Moving Through Molasses

(**REPOSTED from AUG 20,2010**)

I don’t know why there are some things that prove to be so difficult when others just fly on past, but moving through molasses is what seems to be the case when it comes to such things as getting a scheduling mistake worked out for my son at school. Or finding him a mentoring program. Or asking for help in any way with his social understanding deficit.Slogging through. An uphill battle. Exhausting.

The schools do a good job with his academics. Don’t get me wrong.  They make small adjustments in the classroom to increase his chances of success – sitting closer to the teacher, allowing him to type any handwritten work, sending a copy of assignments via email.  Little things that add up to honor roll and advanced placement class success. And we really do appreciate it!

But academia was never really his main problem.

It is staying engaged in his day. It’s knowing how to ask for assistance in class. Its about not understanding subjective thoughts that are grey instead of black and white. Its not being able to empathize.

Its about not having anyone to sit with at lunch. Or to talk to in between classes. Or having a clue as to how to carry on conversations.Its about not understanding innuendo. Or not recognizing sarcasm. Or not knowing when the laughter is at his expense, but feeling the burn of ridicule. Its not being able to read facial expressions or body language or voice inflection as part of communication. Its recognizing not being a “part of” and feeling “apart from”, but not knowing how to make it different and being utterly frustrated and defeated by it.

Its about believing other kids when they tell him they’re his friend and doing what they tell him to, without understanding its not a good thing to do – until it hurts him. Its about bullying. Its about how to act in social situations – like football games and pep rallys and concerts – how to act like all these other kids his age who must have been given the instruction manual, because they all seem to know how to act.

That’s a pretty significant gap that I, as a parent, can only do so much about. I can’t go with him throughout his day. And realistically the best time to work on these things is now, while he’s still in school. Because once he leaves high school in another 2 years, the opportunities for social development drop off alarmingly. College is much less structured, relying instead on the kid to initiate social interactions. But what if he doesn’t really KNOW how to initiate? What happens to him then?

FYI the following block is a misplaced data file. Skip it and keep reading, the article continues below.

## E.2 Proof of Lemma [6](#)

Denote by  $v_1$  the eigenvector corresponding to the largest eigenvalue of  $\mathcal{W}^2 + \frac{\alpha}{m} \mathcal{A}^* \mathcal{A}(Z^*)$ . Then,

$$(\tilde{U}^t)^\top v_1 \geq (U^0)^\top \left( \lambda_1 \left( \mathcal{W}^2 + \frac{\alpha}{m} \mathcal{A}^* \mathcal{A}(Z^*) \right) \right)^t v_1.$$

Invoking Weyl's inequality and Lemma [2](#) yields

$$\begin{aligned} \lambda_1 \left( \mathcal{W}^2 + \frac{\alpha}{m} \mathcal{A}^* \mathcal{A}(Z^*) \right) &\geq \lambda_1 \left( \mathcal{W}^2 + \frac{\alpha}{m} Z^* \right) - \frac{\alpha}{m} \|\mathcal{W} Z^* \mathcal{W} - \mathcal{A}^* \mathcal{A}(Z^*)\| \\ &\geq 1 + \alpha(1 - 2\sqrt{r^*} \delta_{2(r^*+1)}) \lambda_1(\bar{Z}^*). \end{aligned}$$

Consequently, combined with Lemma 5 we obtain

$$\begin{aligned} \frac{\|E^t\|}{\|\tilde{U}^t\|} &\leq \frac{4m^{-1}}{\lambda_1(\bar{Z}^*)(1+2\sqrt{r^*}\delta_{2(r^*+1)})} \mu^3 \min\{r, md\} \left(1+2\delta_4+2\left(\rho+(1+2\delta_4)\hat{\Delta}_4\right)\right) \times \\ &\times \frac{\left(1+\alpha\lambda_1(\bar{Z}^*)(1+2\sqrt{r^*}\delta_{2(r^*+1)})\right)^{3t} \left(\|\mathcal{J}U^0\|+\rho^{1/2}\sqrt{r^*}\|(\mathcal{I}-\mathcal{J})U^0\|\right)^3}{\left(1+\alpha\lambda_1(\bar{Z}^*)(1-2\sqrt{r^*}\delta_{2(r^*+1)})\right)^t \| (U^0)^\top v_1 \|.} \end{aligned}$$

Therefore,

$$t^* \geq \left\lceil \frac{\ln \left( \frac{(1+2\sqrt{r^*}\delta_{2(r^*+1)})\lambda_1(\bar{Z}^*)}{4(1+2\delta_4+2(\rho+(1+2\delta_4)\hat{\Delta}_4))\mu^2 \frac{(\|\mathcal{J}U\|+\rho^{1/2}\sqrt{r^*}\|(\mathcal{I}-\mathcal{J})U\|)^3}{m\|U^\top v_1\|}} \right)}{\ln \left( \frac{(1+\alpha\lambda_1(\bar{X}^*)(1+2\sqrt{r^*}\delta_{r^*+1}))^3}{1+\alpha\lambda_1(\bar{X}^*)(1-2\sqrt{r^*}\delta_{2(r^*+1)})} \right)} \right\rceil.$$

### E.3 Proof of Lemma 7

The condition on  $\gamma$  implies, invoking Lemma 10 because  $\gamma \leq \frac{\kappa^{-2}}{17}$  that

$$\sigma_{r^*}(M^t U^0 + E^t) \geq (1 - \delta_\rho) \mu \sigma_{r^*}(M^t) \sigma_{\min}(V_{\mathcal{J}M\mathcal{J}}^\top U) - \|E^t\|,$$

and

So I’ve been searching for some sort of program – one that can pair him up with a mentor or peer buddy. To help him navigate some of these unfamiliar places while he still has an entire population of kids who have structured activities to attend and socialize in. This article echos much of what I’ve been looking at and trying to find a solution for.

And it makes me wonder.

We live in an area lovingly dubbed “Dilbertville” for all of the engineer, rocket scientists, physicists, and other geeky types of that ilk who are concentrated here. And many of them have children who fall in the high functioning autistic/Asperger’s Disorder spectrum. The schools are inundated with a variety of these kids, but the one common thread among them is lack of social skills. So wouldn’t it make sense for the area schools to recognize that to fully educate these kids, the social aspect of their lives needs to addressed? Particularly in the school setting, where so much of their waking hours are spent? Imagine if, in all those situations there was a kid with him who could suggest what to say, how to approach a group, what not to do and how not to act…one to sit with him at lunch and go to the fall football games and winter basketball games… to hang out with him after school and include him in the activities that kids their age do on weekends. Probably a pipe-dream, but it happens in other cities and other schools all the time. Why not here?

I’m just saying.




2 Responses

  1. There are a few college programs that will do exactly what you are looking for–spread the word. However, they are expensive and if you are lucky enough to already be on your state’s waiver program that won’t cover it either.

    Look at Marshall (yea, “We are Marshall!”), CLE the College Living Experience in Austin, Texas which supports students at a few colleges in Austin, and UCLA (exclusive and long wait list.

    There are other universities claiming to model after these set up programs but not sure if the support is as thorough or if it’s worth the risk…Texas Tech and Univ of Alabama.

    Thank you so much, Debby!! We’ve heard of the University of Alabama’s model and found out a little more about that one – such as the waiting list for it and the cost! I will definitely give a look at the others though – I really appreciate the information!! :)

  2. I just wanted to say how much this post resonated with me. Wow – it sounds exactly like you’re describing my son and how his days are at school. I recently found out that I could request that things be written into my son’s IEP, such as social skills teaching, and the school district created a weekly social skills class for him (as well as other students who would benefit from it) at his school. It’s been so helpful. Since I unfortunately haven’t read your blog before, I don’t know if you’ve attempted that in the past, but I thought I’d mention it. Best wishes!

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